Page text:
For comparison, let's save the same objects to an Alembic cache file. 

  • Go to the Pipeline Cache > Alembic Cache > Export All To Alembic...
  • Set the Cache time range option to Time Slider
  • Enter a file name like "Boxes_1k_v001"
  • Prepare the stop watch and click the Export All button while starting the stop watch.
  • The saving time on the same i7 machine was 98 seconds.
  • The resulting ABC file should be around 73,059,059 bytes

Playing Back With An XMesh Loader

Let's use the same scene to see how our caches are comparing to the playback time of the native Maya primitives. 

  • Press CTRL+SHIFT+A to select all objects
  • Press the DEL key to delete them all.
  • Click on the XMesh Loader icon on the XMesh shelf.
  • Navigate to the location of the XMesh cache and pick the .MEL file generated by the saver - this is a MEL Script that will create the XMesh Loader. Alternatively, you can click any of the .XMESH files and the result will be the same.
  • Play back the resulting scene and stop the time.
  • On the same system, the playback time for the 100 frames was 8.8 seconds. This is slightly faster than the native scene playback of 11 seconds. 

Playing Back From Alembic Cache 

  • Select the XMesh Loader and delete it.
  • Go to Pipeline Cache > Alembic Cache > Import Alembic... and select the ABC file saved previously.
  • Once the 1,000 objects are recreated, play back and stop the time.
  • On the same system, the playback time for the 100 frames was 46 seconds which is over 4 times slower than the native Maya playback and over 5 times slower than XMesh.

Caching More Objects To Test Scalability

Using the same steps as above but with different $x and $z variables, we can benchmark Maya, XMesh and Alembic using 2,000, 3,000 and more objects.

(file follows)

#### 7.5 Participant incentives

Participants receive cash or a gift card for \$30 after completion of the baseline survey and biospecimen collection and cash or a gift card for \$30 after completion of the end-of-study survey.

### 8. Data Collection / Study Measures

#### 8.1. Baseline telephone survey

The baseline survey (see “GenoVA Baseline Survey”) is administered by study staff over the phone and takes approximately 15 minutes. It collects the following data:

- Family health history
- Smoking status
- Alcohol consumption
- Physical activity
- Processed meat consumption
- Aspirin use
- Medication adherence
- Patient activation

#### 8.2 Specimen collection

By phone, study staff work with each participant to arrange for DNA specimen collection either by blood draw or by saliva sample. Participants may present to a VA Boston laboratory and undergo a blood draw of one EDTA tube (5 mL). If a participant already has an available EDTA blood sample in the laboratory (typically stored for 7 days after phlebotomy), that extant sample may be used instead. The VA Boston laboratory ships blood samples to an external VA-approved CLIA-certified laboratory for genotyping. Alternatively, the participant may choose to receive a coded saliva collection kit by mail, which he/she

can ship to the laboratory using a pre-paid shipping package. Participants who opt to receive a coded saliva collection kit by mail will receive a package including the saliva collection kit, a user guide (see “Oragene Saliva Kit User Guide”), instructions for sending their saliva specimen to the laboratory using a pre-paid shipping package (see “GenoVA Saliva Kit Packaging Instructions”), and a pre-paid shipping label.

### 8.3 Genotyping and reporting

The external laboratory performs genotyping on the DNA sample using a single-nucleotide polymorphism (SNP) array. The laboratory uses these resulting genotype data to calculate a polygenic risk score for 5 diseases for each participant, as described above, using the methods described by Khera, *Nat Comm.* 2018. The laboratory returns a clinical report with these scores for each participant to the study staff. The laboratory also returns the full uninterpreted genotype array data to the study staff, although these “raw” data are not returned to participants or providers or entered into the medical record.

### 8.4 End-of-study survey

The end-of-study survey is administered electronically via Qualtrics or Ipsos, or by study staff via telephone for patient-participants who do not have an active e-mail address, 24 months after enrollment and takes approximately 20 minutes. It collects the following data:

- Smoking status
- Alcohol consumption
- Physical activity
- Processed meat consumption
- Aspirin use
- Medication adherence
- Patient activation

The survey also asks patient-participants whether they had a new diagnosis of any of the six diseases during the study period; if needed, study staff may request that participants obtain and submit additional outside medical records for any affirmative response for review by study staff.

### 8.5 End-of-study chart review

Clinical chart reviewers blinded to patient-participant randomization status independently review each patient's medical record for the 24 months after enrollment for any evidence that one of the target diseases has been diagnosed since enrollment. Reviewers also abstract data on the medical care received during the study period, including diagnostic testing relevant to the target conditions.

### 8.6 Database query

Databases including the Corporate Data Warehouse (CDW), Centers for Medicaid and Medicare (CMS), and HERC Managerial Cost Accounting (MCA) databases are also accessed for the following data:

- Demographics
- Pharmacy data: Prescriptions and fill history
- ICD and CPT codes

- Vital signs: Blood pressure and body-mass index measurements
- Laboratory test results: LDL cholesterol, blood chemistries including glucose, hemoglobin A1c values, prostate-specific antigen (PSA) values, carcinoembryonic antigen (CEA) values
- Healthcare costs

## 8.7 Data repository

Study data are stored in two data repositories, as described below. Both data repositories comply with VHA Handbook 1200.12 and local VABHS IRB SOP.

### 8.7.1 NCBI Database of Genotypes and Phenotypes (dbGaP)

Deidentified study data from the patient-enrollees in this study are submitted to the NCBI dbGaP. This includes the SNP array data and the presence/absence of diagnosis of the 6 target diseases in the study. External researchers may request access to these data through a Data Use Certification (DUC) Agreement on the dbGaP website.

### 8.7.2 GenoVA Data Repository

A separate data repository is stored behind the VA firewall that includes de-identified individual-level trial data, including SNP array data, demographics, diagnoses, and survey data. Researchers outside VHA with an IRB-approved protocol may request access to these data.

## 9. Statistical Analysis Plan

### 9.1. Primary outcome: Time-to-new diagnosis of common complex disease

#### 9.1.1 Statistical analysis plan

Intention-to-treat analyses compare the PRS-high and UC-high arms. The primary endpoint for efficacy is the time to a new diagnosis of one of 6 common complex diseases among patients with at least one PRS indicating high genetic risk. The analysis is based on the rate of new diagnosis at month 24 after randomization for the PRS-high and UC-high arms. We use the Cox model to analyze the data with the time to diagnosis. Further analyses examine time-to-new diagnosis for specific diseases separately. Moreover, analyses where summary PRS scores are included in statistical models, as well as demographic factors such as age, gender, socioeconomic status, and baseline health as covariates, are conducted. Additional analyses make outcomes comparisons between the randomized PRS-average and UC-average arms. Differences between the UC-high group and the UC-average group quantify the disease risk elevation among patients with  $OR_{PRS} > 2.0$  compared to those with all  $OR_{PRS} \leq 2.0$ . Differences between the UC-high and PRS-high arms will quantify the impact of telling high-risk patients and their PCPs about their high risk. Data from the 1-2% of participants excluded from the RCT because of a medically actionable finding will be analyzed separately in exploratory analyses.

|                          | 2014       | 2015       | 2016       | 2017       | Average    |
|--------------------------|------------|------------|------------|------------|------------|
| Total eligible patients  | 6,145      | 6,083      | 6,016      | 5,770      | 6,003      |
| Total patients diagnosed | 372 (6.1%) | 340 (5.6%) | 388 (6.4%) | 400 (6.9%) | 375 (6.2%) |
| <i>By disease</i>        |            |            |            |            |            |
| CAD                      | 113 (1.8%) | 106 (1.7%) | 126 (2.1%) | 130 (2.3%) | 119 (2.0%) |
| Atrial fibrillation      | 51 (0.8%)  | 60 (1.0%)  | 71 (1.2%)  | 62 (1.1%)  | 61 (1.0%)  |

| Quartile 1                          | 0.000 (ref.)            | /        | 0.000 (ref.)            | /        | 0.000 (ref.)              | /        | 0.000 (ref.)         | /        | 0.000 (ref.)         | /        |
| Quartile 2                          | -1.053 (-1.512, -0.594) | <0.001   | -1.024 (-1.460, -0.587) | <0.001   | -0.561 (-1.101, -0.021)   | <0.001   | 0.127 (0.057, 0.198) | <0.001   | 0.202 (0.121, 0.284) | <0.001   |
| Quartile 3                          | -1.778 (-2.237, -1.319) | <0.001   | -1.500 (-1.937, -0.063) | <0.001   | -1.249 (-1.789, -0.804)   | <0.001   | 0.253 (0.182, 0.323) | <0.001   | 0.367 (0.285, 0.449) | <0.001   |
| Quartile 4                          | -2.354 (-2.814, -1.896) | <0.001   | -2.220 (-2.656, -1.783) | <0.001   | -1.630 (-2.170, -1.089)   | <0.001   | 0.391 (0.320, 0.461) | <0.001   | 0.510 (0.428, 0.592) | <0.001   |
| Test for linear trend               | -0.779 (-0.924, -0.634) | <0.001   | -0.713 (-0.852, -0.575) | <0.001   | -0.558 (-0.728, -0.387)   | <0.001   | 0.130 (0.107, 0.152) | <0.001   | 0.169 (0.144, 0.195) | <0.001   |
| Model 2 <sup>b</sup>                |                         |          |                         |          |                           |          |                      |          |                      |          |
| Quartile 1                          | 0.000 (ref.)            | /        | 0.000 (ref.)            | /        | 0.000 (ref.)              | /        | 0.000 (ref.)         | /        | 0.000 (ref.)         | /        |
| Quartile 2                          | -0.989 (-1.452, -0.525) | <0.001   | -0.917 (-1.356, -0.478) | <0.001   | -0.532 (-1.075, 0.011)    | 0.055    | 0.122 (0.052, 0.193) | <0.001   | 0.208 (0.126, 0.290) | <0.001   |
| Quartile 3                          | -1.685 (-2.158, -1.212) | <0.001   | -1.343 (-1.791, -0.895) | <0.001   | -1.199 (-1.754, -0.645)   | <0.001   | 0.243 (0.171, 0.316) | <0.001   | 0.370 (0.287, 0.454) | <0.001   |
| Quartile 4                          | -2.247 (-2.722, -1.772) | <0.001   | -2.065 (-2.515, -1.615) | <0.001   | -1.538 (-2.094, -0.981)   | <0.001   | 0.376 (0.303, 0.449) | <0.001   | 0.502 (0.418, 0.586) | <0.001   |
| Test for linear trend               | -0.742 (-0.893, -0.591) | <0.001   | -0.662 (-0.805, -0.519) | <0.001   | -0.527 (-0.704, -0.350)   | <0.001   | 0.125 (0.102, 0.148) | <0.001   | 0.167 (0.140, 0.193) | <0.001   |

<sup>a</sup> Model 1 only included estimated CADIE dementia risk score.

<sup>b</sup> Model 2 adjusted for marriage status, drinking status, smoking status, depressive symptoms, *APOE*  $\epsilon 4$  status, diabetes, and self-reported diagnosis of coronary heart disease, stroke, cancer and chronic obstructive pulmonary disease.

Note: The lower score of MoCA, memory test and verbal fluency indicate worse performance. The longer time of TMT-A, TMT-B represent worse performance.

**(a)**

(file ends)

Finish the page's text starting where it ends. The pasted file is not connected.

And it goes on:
The expectation is that doubling the number of objects will also double most of the results from our previous test. The reality might be slightly more... strange.

Saving Times in Seconds

Count XMesh XMesh Factor ABC ABC Factor ABC/XMesh
1,000 25.89 1.0 97.9 1.0 3.781x
2,000 46.31 1.788x 247 2.522x 5.333x
3,000 67.00 2.588x 426 4.351x 6.358x
10,000 204.00 7.879x 4080 41.675x 20.00x


As you can see, saving twice as many objects in XMesh takes less than 2x more time, and the same is true for three times more objects - instead of a factor of 3 when compared to 1000 objects, we get only 2.588x. In the case of Alembic though, saving two times more objects takes about 2.5x more time, and saving three times more objects takes over 4 times longer.

As result, the more objects you save, the faster XMesh becomes in comparison. With 1000 objects it is already nearly 4 times faster than Alembic, with 2,000 objects it is over 5 times faster, with 3,000 objects it is already over 6 times faster, and this continues on as we increase the number of objects to be saved. 

File Sizes in Bytes

Count Maya Maya Factor XMesh XMesh Factor ABC ABC Scaling ABC/XMesh
1,000 1,722,276 1.0 2,794,557 1.0 73,059,059 1.0 26.143x
2,000 3,442,536 1.998x 5,420,366 1.939x 145,853,985 1.996x 26.908x
3,000 5,130,536 2.978x 8,070,697 2.888x 218,577,317 2.991x 27.082x
10,000 16,619,272 9.649x 26,372,624 9.437x 721,588,041 9.876x 27.361x


Here we have a comparison of the Maya .MB file size, the XMesh folder size and the Alembic ABC file size.

Note that the Maya MB file stores only the procedural definition of the geometry and animation (pCube primitives and Height parameter animation keyframes), while both XMesh and Alembic save explicit samples of the whole mesh on 100 frames.

As you can see, the XMesh cache is less than two times the size of the Maya procedural description of the animated objects! When compared to Alembic, XMesh is consistently about 26 to 27 times smaller. This is partly due to the lack of binary compression in Alembic, and partly due to the storage mechanism used.

An interesting experiment is the compressing of the caches using ZIP. Compressing the 1,000 objects Alembic file using WinRAR to .ZIP archive produces a file with size of 8,757,828 bytes. This is still larger than the XMesh cache of 3,000 objects (8,070,697 bytes). 

Playback Times in Seconds

Count Maya Maya Factor XMesh XMesh Factor ABC ABC Scaling ABC/XMesh Maya/XMesh
1,000 10.83 1.0 8.8 1.0 45.9 1.0 5.209x 1.229x
2,000 20.77 1.917x 10.03 1.138x 91.8 2.001x 9.156x 2.070x
3,000 30.46 2.812x 11.19 1.270x 146.0 3.180x 13.04x 2.722x
10,000 106.00 9.787x 19.00 2.156x 711.00 15.49x 37.421x 5.578x